Cars lacking eco-friendly engine systems should be kept out from Vienna form 2013, a Green Party official has suggested.
Rüdiger Maresch said today (Fri) owners of cars with excessive carbon emissions could be blocked from entering the federal capital in less than two years by creating a new motorised traffic rules system. The Vienna Greens traffic issues spokesman explained the city could introduce orders on cars’ engines separating them into groups. The usage of vehicles which fail to meet certain criteria could be prohibited from 2013, he suggested.
Now all eyes are on the city’s environment councillor, Social Democrat (SPÖ) Ulli Sima. The former Green Party member expressed doubts whether the introduction of such a system made sense. Sima claimed cities like German capital Berlin failed to substantially lower greenhouse gas emissions and fine dust volumes this way. She said yesterday that a study would be carried out next year to identify possibilities how the environmental situation in Vienna – which has 1.7 million residents – could be improved.
Maresch’s appeal comes shortly after Vienna experienced five days of excessive fine dust rates in a row. Environmentalists criticised at the same time that the European Union’s (EU) limit on fine dust matter was set too high anyway. EU regulations order member states to ensure the volume of the substance is kept below 50 micrograms per cubic metre. Especially inhabitants of Graz, Linz and Vienna – where the SPÖ forms a coalition with the Green Party – have been subjected to high fine dust amounts in the air in the past two weeks.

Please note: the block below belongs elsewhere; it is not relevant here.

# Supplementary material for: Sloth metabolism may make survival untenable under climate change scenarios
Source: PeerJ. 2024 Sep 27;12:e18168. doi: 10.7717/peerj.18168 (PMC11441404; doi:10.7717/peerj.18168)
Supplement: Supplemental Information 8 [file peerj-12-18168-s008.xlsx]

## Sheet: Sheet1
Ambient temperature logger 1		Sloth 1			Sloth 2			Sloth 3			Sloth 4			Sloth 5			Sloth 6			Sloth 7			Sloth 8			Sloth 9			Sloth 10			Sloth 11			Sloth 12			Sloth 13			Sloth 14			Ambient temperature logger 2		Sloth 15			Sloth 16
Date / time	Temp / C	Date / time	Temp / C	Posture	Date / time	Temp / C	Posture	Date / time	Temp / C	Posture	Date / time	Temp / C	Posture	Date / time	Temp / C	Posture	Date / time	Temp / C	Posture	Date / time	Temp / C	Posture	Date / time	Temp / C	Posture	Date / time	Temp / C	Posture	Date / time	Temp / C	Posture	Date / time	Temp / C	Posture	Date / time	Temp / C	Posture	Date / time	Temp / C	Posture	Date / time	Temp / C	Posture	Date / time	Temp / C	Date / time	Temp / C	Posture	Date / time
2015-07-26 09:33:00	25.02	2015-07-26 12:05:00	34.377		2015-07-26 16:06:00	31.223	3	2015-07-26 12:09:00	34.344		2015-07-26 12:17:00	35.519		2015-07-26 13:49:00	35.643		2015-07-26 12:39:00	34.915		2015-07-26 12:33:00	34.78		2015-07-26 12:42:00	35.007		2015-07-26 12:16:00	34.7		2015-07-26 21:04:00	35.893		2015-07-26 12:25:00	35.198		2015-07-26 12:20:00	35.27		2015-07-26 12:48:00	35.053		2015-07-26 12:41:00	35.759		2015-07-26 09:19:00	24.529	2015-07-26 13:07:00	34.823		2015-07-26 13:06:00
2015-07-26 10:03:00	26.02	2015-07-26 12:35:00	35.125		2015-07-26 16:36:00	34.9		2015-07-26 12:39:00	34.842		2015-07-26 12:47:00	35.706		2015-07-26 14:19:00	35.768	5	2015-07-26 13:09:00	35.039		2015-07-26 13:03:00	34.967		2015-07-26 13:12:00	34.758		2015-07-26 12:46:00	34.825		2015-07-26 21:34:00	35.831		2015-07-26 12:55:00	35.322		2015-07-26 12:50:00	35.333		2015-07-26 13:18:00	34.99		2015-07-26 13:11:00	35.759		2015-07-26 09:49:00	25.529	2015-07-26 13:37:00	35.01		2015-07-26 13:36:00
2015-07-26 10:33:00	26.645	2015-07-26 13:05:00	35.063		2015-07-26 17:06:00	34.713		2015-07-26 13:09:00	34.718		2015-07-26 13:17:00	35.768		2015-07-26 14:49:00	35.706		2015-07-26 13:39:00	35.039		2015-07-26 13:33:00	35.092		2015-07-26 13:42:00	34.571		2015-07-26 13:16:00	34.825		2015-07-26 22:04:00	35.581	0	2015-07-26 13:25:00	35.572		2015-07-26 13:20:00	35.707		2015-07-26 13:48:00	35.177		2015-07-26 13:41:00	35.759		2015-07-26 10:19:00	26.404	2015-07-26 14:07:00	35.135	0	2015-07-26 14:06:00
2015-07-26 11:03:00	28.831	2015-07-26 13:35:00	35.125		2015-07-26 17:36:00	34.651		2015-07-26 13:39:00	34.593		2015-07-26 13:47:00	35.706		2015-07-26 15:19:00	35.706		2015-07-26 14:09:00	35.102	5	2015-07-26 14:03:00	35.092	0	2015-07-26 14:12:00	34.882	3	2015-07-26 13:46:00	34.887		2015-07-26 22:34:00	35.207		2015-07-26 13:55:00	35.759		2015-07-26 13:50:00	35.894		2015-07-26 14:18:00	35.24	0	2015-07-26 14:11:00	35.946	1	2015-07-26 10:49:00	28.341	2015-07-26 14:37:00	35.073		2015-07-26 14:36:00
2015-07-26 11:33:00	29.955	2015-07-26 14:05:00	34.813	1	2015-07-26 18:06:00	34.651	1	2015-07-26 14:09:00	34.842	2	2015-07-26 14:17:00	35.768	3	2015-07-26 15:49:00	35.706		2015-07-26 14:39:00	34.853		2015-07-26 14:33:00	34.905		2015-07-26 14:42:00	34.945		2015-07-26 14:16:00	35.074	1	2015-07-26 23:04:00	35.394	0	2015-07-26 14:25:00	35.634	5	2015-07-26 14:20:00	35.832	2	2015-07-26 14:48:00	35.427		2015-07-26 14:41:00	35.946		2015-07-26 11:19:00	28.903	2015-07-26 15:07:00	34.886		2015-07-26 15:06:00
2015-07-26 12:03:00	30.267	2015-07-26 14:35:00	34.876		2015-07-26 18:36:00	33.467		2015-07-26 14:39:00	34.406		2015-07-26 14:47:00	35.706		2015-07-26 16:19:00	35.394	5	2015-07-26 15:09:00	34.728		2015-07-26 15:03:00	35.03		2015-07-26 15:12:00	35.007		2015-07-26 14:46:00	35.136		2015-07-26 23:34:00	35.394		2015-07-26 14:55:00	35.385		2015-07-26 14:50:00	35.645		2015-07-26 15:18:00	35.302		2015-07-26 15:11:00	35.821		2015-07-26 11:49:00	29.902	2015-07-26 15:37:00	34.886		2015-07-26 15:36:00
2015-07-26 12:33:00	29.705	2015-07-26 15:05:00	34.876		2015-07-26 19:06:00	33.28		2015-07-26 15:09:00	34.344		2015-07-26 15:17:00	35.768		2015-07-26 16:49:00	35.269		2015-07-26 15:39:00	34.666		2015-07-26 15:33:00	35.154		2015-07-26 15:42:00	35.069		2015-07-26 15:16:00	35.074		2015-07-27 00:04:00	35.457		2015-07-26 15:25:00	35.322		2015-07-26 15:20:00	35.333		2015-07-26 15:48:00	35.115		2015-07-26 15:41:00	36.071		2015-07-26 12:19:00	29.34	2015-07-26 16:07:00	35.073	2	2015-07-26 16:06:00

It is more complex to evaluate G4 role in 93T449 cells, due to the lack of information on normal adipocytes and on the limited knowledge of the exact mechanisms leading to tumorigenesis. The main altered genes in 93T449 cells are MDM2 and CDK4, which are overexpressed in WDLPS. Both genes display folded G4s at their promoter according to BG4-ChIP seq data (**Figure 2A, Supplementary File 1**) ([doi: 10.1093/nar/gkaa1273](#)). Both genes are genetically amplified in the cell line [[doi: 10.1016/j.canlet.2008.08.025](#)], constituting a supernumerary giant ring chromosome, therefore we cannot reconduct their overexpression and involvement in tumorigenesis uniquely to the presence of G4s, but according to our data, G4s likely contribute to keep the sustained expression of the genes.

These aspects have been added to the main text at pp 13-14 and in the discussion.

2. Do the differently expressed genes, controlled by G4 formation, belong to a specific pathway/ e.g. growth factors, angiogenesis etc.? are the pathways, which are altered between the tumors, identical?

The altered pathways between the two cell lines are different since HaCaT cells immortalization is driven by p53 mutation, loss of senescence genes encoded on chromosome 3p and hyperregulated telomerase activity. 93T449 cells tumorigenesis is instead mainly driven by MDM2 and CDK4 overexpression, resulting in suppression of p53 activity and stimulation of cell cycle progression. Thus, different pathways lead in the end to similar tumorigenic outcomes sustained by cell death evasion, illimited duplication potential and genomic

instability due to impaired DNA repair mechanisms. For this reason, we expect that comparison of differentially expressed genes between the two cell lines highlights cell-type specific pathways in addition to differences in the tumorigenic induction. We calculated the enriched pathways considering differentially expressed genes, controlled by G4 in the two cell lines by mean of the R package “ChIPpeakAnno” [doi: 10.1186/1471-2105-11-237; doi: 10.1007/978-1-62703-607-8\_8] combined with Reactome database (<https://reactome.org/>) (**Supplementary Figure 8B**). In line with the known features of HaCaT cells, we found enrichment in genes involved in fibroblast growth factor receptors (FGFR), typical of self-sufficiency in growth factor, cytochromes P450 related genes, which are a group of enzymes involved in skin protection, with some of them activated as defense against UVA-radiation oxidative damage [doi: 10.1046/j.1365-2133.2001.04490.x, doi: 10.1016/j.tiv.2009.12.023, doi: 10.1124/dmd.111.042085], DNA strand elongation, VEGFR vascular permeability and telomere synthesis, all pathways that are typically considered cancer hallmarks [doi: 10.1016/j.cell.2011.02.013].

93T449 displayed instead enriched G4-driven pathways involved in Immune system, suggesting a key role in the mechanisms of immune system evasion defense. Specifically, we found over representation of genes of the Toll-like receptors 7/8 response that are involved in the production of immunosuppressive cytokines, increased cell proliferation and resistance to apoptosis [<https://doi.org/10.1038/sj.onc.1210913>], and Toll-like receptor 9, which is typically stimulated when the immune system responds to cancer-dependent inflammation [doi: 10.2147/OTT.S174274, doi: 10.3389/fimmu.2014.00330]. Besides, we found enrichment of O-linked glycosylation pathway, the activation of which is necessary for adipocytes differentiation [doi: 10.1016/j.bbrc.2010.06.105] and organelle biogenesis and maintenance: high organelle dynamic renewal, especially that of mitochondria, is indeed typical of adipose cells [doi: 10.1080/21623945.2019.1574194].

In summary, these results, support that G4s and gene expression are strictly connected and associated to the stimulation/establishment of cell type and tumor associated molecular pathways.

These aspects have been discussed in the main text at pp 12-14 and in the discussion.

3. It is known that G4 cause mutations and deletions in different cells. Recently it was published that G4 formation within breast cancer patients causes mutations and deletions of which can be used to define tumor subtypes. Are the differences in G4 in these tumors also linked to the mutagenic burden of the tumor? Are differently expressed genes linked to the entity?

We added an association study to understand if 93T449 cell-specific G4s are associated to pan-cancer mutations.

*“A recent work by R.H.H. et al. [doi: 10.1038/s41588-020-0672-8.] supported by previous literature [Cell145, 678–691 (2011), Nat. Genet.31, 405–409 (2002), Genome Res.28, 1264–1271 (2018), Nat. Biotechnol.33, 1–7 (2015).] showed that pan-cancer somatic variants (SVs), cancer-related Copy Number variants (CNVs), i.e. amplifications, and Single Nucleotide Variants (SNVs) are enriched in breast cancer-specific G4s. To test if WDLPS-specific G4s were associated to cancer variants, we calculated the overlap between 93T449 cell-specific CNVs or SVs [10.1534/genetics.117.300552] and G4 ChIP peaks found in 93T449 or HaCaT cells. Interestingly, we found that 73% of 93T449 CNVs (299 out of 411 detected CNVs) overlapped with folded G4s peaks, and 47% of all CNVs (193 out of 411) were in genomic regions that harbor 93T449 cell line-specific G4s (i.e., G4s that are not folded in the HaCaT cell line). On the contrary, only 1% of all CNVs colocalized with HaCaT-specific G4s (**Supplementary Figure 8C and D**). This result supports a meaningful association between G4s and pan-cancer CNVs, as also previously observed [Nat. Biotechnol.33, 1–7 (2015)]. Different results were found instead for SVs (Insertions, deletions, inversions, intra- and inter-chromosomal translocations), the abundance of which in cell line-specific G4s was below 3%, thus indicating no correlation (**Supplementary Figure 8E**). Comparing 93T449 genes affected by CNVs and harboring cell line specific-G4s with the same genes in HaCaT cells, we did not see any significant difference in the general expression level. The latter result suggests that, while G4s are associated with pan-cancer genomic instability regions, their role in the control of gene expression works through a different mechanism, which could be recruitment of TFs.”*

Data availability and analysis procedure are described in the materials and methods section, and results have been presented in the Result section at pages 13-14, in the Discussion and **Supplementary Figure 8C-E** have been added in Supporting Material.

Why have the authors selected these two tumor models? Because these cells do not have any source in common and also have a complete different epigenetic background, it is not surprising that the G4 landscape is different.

Meteorologists explained that the current weather condition of steadily cool temperatures, little wind, no rainfall or exchange of air layers posed ideal circumstances for fine dust to settle in industrialised areas. Car traffic, coal and wood heating and smoking are generally considered as the main factors behind high fine dust figures.
People subjected to large amounts of particulate matter face a reduction of their life expectancy and higher risks of suffering diseases affecting their lungs and heart. Children growing up in affected regions can develop breathing problems. Their lungs are often smaller and less efficient than those of youngsters growing up in the countryside where the volume of fine dust is generally lower.
Federal People’s Party (ÖVP) Environment Minister Nikolaus Berlakovich angered regional lawmakers earlier this week by claiming that fighting the issue was something provincial politicians had to deal with. He claimed that a law which was passed thanks to his initiative provided Austria’s nine provincial parliaments with more rights as far as the fight against the problem was regarded.
Berlakovich explained that the bill passed in 2010 enabled provincial decision-makers to set up speed reductions, driving bans and other measures. Sima reacted by claiming that federal politicians “totally failed” in setting up workable solutions against fine dust threats. The Labour Chamber (AK) also hit out at the environment minister. It revealed that the minister could introduce traffic-free days and less drastic regulations in the battle against fine dust too, according to the law in effect since last year.